But what if you already have your tile floor installed? Is there any way to make it soundproof?
Fortunately, not only can you tile over soundproofing. Instead, you can also apply soundproofing materials above your tile floor.
Here are the materials that you can use to soundproof your tiles:
One of the most effective solutions to unwanted impact noise is a good carpet.
Carpets are soft, so they can quickly absorb impact noise and vibration. For this reason, using it in areas with a lot of foot traffic will help you make your room less noisy.
Apply Acoustic Rubber Mat
A rubber mat is dense. For this reason, it can dampen impact noise. So, if you installed carpets above your tile floor but the impact noise is still distracting you, you can install a layer of rubber mat under the carpet.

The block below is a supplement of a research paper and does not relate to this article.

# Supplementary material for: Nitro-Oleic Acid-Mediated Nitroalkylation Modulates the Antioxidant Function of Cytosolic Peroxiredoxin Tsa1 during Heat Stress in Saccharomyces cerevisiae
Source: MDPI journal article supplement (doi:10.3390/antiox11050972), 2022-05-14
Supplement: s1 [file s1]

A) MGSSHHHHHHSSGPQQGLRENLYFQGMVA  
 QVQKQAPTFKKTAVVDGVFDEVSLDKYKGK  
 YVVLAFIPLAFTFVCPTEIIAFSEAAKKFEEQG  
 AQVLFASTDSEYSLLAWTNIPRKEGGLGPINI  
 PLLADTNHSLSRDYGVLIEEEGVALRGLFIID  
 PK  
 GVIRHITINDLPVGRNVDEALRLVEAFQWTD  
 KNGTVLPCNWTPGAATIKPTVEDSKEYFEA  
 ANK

That way, your soundproofing solution will become denser, allowing it to absorb more sound waves.
- Bob Vila, The Best Tile Underlayment Options, https://www.bobvila.com/articles/tile-underlayment/, accessed October 14, 2021.
- Lee Wallender, Underlayment For Ceramic Tile Floors, https://www.thespruce.com/best-subfloors-to-use-for-laying-tile-1822586, accessed October 14, 2021.
- Sound Transmission And Flooring Types, https://www.builddirect.com/learning-center/home-improvement-info/sound-transmission/, accessed October 14, 2021.